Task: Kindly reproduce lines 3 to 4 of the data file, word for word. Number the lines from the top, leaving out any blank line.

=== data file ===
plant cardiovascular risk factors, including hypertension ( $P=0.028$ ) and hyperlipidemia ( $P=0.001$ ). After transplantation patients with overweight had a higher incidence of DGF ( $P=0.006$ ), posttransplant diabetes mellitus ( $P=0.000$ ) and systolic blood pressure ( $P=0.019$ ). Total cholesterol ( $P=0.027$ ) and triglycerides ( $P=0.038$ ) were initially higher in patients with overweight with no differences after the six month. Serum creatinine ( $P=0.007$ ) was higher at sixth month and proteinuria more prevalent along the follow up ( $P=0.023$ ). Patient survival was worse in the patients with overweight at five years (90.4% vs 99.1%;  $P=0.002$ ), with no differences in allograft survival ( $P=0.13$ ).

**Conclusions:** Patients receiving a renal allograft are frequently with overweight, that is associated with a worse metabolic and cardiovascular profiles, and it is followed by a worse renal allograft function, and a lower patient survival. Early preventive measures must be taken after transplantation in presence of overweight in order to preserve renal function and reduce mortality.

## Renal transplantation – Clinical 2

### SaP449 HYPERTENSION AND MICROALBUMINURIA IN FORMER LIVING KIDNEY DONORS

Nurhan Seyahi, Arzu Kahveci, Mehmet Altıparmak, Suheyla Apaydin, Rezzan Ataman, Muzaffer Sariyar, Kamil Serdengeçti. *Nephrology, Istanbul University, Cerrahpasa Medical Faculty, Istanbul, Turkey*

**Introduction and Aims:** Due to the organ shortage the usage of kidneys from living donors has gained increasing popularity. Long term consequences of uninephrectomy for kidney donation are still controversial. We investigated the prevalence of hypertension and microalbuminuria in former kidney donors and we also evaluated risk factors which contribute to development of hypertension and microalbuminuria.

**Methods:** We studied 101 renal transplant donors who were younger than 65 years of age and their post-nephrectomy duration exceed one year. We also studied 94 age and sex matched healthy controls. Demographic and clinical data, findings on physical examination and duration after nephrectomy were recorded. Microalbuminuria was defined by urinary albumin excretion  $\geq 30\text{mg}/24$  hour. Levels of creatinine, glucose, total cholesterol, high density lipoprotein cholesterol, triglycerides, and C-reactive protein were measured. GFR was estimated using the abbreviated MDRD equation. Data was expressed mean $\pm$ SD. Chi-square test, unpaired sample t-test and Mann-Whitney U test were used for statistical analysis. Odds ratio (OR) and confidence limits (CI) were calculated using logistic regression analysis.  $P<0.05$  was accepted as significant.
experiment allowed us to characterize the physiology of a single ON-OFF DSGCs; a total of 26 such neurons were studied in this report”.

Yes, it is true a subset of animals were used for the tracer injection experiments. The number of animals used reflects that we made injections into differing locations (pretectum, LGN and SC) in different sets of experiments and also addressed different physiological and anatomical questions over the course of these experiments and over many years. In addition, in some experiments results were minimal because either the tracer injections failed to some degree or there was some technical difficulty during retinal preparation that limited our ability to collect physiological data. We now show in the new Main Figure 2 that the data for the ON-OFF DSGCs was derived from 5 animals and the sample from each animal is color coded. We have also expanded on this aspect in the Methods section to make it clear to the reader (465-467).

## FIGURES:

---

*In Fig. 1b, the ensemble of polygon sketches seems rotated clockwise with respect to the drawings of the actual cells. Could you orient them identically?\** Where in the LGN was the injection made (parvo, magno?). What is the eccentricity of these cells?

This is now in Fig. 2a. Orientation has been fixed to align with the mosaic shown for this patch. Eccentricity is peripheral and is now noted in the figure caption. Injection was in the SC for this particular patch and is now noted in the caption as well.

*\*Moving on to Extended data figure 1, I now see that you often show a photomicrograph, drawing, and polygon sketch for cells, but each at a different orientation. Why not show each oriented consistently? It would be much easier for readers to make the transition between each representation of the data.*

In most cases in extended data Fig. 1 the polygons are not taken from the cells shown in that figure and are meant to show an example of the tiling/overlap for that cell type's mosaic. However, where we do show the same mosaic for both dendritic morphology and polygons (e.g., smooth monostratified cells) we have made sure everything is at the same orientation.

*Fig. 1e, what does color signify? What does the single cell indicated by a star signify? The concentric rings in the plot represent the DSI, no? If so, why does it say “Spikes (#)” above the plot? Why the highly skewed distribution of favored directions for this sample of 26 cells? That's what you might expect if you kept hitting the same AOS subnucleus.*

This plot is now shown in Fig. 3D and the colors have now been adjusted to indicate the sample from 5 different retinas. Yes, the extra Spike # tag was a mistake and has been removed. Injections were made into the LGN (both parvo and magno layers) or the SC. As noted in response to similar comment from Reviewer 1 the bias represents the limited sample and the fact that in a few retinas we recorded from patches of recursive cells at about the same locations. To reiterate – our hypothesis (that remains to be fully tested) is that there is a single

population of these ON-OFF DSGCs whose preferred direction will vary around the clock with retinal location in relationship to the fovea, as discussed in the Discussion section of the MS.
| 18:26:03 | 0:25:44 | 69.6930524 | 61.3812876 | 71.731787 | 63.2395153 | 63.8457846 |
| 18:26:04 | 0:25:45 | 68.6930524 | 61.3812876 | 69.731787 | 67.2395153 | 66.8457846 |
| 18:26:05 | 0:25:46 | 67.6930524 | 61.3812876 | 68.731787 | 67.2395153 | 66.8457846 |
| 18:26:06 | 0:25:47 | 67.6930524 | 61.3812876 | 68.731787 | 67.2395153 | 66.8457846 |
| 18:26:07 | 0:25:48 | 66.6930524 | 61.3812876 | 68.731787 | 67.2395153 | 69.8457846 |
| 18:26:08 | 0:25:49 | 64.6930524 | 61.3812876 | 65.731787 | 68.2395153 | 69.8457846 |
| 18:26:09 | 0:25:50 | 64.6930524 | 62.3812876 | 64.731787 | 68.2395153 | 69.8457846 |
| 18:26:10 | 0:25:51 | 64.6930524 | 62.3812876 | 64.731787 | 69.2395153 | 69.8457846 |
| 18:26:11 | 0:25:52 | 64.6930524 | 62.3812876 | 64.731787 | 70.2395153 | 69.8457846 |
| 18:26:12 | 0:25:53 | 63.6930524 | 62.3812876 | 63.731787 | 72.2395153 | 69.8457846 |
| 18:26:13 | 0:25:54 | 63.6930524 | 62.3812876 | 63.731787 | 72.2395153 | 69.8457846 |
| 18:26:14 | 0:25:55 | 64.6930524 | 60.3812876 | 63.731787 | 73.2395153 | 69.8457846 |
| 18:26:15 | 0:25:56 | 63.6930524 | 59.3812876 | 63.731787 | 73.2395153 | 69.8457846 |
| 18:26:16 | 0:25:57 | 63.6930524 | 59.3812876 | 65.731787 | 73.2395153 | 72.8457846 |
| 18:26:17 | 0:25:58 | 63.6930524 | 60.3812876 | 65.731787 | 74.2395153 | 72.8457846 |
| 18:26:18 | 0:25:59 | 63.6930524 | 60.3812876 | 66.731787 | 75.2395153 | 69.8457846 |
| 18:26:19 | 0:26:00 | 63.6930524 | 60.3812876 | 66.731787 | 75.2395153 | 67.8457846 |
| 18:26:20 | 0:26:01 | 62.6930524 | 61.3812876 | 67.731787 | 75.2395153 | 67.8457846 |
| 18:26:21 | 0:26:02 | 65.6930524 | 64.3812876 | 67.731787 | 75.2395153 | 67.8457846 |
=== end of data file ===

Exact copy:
## Renal transplantation – Clinical 2

### SaP449 HYPERTENSION AND MICROALBUMINURIA IN FORMER LIVING KIDNEY DONORS